Later we brought the produce back to the flat and cooked some of it.  We’re thrilled with our carrots, parsnips and turnips, the first we’ve grown successfully in some years. The only downside of coming back to the city is the noise of the traffic.  It’s incessant, noisy and pollutes the atmosphere so that, for asthmatics like me, November can be a tricky month.

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Controlled rotting resumed in the kitchen

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Here we are, back home and that means two posts today with a bit of luck and some time. First off, ‘though, there is the revival of the sourdough starter and the kefir to think about. The Potwell Inn is a plain sort of a place – or it would be if it existed –  and here we try to avoid mystification, and when it comes to sourdough starters and their care, there’s enough ordure written about it to keep our allotment fertile for the next ten years. So here’s the key principle: wild yeasts are are ubiquitous – they’re everywhere and they’ll still be there centuries after the last lobbyist declares that chemical X will save the world, thereby ending the world. I’ve only killed a sourdough starter once and that was a deliberate experiment to see how long I could neglect it before it died.  The answer was that I couldn’t kill it at all, but under the anaerobic conditions of its container it turned into another life-form so powerfully smelly that I had to throw the container away.  Second point is that getting a starter going is so easy you wonder how the hipster artisan bakers have got the nerve to sell the knowledge for £150 a morning. Get some dark rye flour and stir it into some tap water and leave it in a warm place until it starts to bubble (could be days – don’t wory).  Then throw half of that away and add more flour and more tap water, give it a stir and keep going like that until it’s ready to use.

So getting back from North Wales means the neglected starter needs a feed because it’s been neglected for a fortnight and it’s sulking. I do use organic flour; my favourite is Bacheldre Mill, but I don’t fuss about water.  By all means waste your money on organic single malt virgin water brought over from the Isle of Sky in a coracle but it won’t taste any better.  I do not employ holiday starter sitters to stir the infant broth daily, even on minimum wages. I have not scoured the antiques markets for authenic barm pots and neither do I subject the infant starter to any ceremonial prayers or position it on a lay line. Most particularly I would never dream of shelling any money out for someone else’s starter, but if you happened to know where the Potwell Inn is (which for reasons already described would be difficult because it doesn’t exist), but if you should happen to pop by at the back door of the pub I’ll gladly give you a bit.  It’s lovely and it smells like apples.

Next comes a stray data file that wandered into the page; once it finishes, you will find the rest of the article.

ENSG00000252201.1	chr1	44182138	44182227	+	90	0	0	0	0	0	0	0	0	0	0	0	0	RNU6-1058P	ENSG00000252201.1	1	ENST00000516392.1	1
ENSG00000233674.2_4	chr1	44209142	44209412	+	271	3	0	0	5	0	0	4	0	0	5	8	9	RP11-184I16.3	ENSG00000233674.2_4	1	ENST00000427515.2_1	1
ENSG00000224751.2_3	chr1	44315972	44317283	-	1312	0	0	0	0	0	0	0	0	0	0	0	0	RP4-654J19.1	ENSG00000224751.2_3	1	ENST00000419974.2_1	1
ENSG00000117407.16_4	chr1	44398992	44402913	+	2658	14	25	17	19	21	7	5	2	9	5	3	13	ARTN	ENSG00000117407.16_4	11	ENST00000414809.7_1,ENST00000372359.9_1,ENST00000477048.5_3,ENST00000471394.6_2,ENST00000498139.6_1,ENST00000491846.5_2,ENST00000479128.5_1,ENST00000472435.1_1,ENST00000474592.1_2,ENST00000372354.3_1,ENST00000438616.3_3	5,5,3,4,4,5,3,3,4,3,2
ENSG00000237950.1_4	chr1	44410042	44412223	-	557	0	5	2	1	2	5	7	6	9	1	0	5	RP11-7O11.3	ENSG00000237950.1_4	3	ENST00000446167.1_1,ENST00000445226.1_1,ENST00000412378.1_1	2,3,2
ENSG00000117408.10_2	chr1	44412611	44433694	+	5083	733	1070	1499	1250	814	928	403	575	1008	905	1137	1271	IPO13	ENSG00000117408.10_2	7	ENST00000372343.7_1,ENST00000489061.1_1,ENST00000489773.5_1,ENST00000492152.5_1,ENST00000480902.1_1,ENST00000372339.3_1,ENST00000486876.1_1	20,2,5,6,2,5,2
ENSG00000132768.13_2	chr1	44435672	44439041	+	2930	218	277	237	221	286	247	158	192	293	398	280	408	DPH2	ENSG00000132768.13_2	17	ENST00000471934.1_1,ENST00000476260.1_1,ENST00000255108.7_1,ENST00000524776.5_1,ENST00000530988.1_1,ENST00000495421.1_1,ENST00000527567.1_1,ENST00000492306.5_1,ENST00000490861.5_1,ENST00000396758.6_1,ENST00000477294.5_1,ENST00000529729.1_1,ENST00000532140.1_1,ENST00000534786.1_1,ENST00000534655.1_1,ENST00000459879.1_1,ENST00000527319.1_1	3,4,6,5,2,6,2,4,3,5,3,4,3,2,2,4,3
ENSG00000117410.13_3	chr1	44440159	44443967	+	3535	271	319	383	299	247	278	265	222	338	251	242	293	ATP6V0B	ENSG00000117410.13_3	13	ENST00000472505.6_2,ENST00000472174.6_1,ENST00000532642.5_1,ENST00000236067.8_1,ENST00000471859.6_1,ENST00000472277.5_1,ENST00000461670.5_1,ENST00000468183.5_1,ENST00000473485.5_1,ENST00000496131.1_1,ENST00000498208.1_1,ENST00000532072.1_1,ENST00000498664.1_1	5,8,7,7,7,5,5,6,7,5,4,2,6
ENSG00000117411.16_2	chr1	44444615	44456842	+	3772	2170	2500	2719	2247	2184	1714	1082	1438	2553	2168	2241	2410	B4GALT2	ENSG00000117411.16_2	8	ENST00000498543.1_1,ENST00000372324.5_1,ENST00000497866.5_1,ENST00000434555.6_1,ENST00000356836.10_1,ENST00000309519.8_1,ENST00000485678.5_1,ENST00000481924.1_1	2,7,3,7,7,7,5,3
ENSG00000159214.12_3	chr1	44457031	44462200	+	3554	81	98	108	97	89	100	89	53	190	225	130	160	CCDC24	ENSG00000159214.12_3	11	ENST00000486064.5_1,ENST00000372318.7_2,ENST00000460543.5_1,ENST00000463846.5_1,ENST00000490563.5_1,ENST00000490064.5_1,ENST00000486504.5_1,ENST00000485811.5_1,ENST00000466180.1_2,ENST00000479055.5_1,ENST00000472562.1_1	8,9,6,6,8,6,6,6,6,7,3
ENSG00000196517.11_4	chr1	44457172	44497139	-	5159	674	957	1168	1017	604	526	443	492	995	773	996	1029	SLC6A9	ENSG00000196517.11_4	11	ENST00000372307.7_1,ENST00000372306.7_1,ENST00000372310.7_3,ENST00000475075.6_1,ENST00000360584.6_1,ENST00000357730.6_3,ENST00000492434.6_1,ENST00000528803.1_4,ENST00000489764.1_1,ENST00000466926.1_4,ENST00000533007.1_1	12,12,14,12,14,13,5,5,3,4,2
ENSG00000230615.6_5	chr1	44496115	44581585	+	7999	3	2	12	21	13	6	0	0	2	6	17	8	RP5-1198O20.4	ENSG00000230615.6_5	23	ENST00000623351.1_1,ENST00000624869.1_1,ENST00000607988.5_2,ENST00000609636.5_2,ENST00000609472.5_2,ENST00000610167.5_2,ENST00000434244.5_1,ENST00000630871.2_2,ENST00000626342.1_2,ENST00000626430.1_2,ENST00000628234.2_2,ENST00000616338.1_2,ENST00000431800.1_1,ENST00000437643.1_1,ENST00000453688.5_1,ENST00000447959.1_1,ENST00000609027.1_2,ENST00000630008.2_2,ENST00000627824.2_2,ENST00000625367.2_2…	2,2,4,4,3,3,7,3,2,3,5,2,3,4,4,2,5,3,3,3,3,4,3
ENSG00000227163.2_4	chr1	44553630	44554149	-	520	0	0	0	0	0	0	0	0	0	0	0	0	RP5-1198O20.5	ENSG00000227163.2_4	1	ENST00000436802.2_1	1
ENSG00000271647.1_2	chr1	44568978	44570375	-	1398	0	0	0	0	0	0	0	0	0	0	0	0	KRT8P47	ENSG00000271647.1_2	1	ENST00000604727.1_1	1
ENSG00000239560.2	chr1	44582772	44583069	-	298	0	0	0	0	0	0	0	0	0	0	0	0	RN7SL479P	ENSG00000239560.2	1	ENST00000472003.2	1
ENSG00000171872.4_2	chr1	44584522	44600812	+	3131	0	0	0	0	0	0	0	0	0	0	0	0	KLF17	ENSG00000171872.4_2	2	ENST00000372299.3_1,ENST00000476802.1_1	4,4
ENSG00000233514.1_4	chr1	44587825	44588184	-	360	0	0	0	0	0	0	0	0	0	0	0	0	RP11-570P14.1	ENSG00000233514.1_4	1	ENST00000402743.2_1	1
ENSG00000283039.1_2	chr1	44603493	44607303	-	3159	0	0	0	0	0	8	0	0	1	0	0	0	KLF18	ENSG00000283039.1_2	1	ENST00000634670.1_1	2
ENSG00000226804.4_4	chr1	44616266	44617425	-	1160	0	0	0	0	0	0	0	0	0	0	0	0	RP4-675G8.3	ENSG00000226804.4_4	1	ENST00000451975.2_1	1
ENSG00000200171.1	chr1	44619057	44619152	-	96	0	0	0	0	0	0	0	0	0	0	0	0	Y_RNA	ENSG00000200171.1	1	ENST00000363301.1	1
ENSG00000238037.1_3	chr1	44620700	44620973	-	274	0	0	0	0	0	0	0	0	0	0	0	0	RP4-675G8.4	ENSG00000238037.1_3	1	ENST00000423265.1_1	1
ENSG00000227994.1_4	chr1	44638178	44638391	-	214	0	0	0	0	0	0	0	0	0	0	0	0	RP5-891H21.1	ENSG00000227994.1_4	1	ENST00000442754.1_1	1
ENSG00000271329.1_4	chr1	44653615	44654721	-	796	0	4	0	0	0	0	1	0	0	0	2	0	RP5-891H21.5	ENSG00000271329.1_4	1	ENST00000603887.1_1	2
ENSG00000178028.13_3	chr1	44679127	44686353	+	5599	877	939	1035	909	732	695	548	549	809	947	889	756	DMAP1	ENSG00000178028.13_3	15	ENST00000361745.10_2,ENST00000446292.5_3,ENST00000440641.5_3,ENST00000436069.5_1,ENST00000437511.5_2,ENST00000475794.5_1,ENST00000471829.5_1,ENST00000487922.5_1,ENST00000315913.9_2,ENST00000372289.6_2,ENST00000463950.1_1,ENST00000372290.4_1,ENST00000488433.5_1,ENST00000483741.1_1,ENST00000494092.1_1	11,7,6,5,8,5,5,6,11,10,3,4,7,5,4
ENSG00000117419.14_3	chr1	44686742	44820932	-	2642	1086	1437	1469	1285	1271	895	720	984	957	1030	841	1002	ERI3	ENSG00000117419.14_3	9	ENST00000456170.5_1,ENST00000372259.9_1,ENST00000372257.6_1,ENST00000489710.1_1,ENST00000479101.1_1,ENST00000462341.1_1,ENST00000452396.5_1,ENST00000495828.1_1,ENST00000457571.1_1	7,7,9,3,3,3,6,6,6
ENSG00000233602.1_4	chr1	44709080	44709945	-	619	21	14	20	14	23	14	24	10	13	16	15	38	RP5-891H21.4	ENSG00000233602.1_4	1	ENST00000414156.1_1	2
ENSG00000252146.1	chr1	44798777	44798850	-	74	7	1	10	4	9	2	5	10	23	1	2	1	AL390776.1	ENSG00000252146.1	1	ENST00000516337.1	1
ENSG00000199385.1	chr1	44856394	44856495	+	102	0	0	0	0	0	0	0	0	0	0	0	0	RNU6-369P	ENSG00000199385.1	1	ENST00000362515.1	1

As for the second exercise in controlled rotting, the kefir was in an even more perilous situation because I’d forgotton about it for weeks.  You know how it goes with kefir – drinking it every single day for ever would bore you stiff. So it’s been languishing at the back of the fridge waiting patiently for someone to show it some love.  Today I showed it some love and I strained it and washed the grains off (with tap water) and and put it in a clean container with more full cream milk. Once again it’s organic milk because that’s what we use. Because I’ve washed it and possibly because the chlorine in the water is a bit of an inhibitor, it will be slow to recover, but it will recover.

The pantry is full of various other vegetable bits and bobs undergoing their own lacto-fermentation and they too will cope with whatever life throws at them. I don’t sell this food so any public health inspectors reading this need not trouble themselves to Google up the Potwell Inn and attempt to pay me a visit, and if I do suddenly expire one day from some unexplained cause it’s vanishingly unlikely that the wild yeast will have done it!